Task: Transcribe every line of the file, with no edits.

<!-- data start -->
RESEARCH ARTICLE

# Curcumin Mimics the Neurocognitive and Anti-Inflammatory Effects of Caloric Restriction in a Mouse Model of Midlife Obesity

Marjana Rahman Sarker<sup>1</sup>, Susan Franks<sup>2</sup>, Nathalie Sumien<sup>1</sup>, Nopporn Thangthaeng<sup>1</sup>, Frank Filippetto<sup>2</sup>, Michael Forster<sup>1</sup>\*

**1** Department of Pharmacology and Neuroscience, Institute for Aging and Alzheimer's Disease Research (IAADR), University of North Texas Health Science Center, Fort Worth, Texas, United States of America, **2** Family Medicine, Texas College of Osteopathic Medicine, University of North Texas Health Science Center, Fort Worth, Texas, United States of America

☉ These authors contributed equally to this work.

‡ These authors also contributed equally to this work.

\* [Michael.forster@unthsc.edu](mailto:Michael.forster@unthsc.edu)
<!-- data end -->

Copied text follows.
RESEARCH ARTICLE

# Curcumin Mimics the Neurocognitive and Anti-Inflammatory Effects of Caloric Restriction in a Mouse Model of Midlife Obesity

Marjana Rahman Sarker<sup>1</sup>, Susan Franks<sup>2</sup>, Nathalie Sumien<sup>1</sup>, Nopporn Thangthaeng<sup>1</sup>, Frank Filippetto<sup>2</sup>, Michael Forster<sup>1</sup>\*

**1** Department of Pharmacology and Neuroscience, Institute for Aging and Alzheimer's Disease Research (IAADR), University of North Texas Health Science Center, Fort Worth, Texas, United States of America, **2** Family Medicine, Texas College of Osteopathic Medicine, University of North Texas Health Science Center, Fort Worth, Texas, United States of America

☉ These authors contributed equally to this work.

‡ These authors also contributed equally to this work.

\* [Michael.forster@unthsc.edu](mailto:Michael.forster@unthsc.edu)